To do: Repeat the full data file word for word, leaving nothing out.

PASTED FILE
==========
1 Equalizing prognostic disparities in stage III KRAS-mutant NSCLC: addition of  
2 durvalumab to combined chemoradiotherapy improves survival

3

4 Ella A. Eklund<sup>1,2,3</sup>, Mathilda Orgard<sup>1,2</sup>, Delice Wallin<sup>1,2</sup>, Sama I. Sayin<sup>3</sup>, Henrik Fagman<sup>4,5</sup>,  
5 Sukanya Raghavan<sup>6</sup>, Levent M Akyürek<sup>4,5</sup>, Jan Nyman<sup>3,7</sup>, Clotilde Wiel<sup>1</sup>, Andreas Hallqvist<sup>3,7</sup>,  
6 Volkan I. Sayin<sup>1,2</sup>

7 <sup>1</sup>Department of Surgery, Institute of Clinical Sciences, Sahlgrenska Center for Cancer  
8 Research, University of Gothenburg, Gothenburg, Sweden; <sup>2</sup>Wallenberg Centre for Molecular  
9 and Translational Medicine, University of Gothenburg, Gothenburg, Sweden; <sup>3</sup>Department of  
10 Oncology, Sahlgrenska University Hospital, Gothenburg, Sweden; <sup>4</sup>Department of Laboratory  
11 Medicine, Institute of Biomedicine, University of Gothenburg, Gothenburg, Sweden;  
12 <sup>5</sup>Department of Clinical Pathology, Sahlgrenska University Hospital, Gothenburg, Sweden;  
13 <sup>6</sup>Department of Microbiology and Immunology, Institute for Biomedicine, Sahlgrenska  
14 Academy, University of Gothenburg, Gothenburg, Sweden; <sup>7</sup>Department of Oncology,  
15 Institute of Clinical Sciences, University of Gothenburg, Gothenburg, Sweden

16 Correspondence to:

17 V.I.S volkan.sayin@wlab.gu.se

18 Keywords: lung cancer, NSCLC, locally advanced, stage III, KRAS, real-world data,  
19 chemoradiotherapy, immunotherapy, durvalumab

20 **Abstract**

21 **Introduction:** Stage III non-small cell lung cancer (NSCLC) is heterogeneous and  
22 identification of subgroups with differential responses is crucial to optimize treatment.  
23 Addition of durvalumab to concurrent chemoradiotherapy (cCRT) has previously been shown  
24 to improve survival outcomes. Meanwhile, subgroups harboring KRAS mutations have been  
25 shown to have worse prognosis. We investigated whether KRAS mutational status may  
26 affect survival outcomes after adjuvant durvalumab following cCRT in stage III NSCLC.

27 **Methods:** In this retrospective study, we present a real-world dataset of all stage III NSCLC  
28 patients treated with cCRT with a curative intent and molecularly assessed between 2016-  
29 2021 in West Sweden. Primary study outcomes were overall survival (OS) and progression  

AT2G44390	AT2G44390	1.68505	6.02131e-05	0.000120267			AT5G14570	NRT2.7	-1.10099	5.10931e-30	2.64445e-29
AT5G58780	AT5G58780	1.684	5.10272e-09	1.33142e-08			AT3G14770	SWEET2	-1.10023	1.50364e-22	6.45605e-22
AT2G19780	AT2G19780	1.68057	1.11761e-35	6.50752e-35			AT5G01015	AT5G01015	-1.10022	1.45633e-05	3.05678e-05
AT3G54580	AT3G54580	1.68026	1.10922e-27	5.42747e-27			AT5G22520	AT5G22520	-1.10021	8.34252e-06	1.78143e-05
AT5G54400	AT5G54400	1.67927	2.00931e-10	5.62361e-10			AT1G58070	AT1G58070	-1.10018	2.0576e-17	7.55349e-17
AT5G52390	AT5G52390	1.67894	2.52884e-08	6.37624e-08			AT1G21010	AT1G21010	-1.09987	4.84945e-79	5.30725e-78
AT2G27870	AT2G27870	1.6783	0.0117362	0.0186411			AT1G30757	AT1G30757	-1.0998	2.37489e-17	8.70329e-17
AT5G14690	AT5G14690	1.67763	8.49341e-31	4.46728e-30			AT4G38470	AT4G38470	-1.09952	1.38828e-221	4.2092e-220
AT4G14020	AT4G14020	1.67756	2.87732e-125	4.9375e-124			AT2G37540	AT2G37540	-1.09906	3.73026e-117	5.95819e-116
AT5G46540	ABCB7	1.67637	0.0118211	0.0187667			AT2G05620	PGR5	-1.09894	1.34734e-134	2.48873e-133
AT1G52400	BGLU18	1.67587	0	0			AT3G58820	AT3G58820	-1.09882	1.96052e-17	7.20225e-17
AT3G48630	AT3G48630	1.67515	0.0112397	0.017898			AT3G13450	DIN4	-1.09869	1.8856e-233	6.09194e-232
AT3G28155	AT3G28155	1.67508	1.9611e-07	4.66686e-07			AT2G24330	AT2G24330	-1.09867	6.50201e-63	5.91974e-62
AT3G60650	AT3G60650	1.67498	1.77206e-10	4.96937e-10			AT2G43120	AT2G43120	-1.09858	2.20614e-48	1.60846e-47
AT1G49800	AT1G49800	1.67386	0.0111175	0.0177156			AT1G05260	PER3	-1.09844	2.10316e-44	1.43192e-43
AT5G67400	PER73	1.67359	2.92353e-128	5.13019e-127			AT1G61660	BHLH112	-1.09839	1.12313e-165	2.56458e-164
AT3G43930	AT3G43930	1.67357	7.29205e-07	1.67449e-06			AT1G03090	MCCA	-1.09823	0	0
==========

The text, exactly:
1 Equalizing prognostic disparities in stage III KRAS-mutant NSCLC: addition of  
2 durvalumab to combined chemoradiotherapy improves survival

3

4 Ella A. Eklund<sup>1,2,3</sup>, Mathilda Orgard<sup>1,2</sup>, Delice Wallin<sup>1,2</sup>, Sama I. Sayin<sup>3</sup>, Henrik Fagman<sup>4,5</sup>,  
5 Sukanya Raghavan<sup>6</sup>, Levent M Akyürek<sup>4,5</sup>, Jan Nyman<sup>3,7</sup>, Clotilde Wiel<sup>1</sup>, Andreas Hallqvist<sup>3,7</sup>,  
6 Volkan I. Sayin<sup>1,2</sup>

7 <sup>1</sup>Department of Surgery, Institute of Clinical Sciences, Sahlgrenska Center for Cancer  
8 Research, University of Gothenburg, Gothenburg, Sweden; <sup>2</sup>Wallenberg Centre for Molecular  
9 and Translational Medicine, University of Gothenburg, Gothenburg, Sweden; <sup>3</sup>Department of  
10 Oncology, Sahlgrenska University Hospital, Gothenburg, Sweden; <sup>4</sup>Department of Laboratory  
11 Medicine, Institute of Biomedicine, University of Gothenburg, Gothenburg, Sweden;  
12 <sup>5</sup>Department of Clinical Pathology, Sahlgrenska University Hospital, Gothenburg, Sweden;  
13 <sup>6</sup>Department of Microbiology and Immunology, Institute for Biomedicine, Sahlgrenska  
14 Academy, University of Gothenburg, Gothenburg, Sweden; <sup>7</sup>Department of Oncology,  
15 Institute of Clinical Sciences, University of Gothenburg, Gothenburg, Sweden

16 Correspondence to:

17 V.I.S volkan.sayin@wlab.gu.se

18 Keywords: lung cancer, NSCLC, locally advanced, stage III, KRAS, real-world data,  
19 chemoradiotherapy, immunotherapy, durvalumab

20 **Abstract**

21 **Introduction:** Stage III non-small cell lung cancer (NSCLC) is heterogeneous and  
22 identification of subgroups with differential responses is crucial to optimize treatment.  
23 Addition of durvalumab to concurrent chemoradiotherapy (cCRT) has previously been shown  
24 to improve survival outcomes. Meanwhile, subgroups harboring KRAS mutations have been  
25 shown to have worse prognosis. We investigated whether KRAS mutational status may  
26 affect survival outcomes after adjuvant durvalumab following cCRT in stage III NSCLC.

27 **Methods:** In this retrospective study, we present a real-world dataset of all stage III NSCLC  
28 patients treated with cCRT with a curative intent and molecularly assessed between 2016-  
29 2021 in West Sweden. Primary study outcomes were overall survival (OS) and progression  

AT2G44390	AT2G44390	1.68505	6.02131e-05	0.000120267			AT5G14570	NRT2.7	-1.10099	5.10931e-30	2.64445e-29
AT5G58780	AT5G58780	1.684	5.10272e-09	1.33142e-08			AT3G14770	SWEET2	-1.10023	1.50364e-22	6.45605e-22
AT2G19780	AT2G19780	1.68057	1.11761e-35	6.50752e-35			AT5G01015	AT5G01015	-1.10022	1.45633e-05	3.05678e-05
AT3G54580	AT3G54580	1.68026	1.10922e-27	5.42747e-27			AT5G22520	AT5G22520	-1.10021	8.34252e-06	1.78143e-05
AT5G54400	AT5G54400	1.67927	2.00931e-10	5.62361e-10			AT1G58070	AT1G58070	-1.10018	2.0576e-17	7.55349e-17
AT5G52390	AT5G52390	1.67894	2.52884e-08	6.37624e-08			AT1G21010	AT1G21010	-1.09987	4.84945e-79	5.30725e-78
AT2G27870	AT2G27870	1.6783	0.0117362	0.0186411			AT1G30757	AT1G30757	-1.0998	2.37489e-17	8.70329e-17
AT5G14690	AT5G14690	1.67763	8.49341e-31	4.46728e-30			AT4G38470	AT4G38470	-1.09952	1.38828e-221	4.2092e-220
AT4G14020	AT4G14020	1.67756	2.87732e-125	4.9375e-124			AT2G37540	AT2G37540	-1.09906	3.73026e-117	5.95819e-116
AT5G46540	ABCB7	1.67637	0.0118211	0.0187667			AT2G05620	PGR5	-1.09894	1.34734e-134	2.48873e-133
AT1G52400	BGLU18	1.67587	0	0			AT3G58820	AT3G58820	-1.09882	1.96052e-17	7.20225e-17
AT3G48630	AT3G48630	1.67515	0.0112397	0.017898			AT3G13450	DIN4	-1.09869	1.8856e-233	6.09194e-232
AT3G28155	AT3G28155	1.67508	1.9611e-07	4.66686e-07			AT2G24330	AT2G24330	-1.09867	6.50201e-63	5.91974e-62
AT3G60650	AT3G60650	1.67498	1.77206e-10	4.96937e-10			AT2G43120	AT2G43120	-1.09858	2.20614e-48	1.60846e-47
AT1G49800	AT1G49800	1.67386	0.0111175	0.0177156			AT1G05260	PER3	-1.09844	2.10316e-44	1.43192e-43
AT5G67400	PER73	1.67359	2.92353e-128	5.13019e-127			AT1G61660	BHLH112	-1.09839	1.12313e-165	2.56458e-164
AT3G43930	AT3G43930	1.67357	7.29205e-07	1.67449e-06			AT1G03090	MCCA	-1.09823	0	0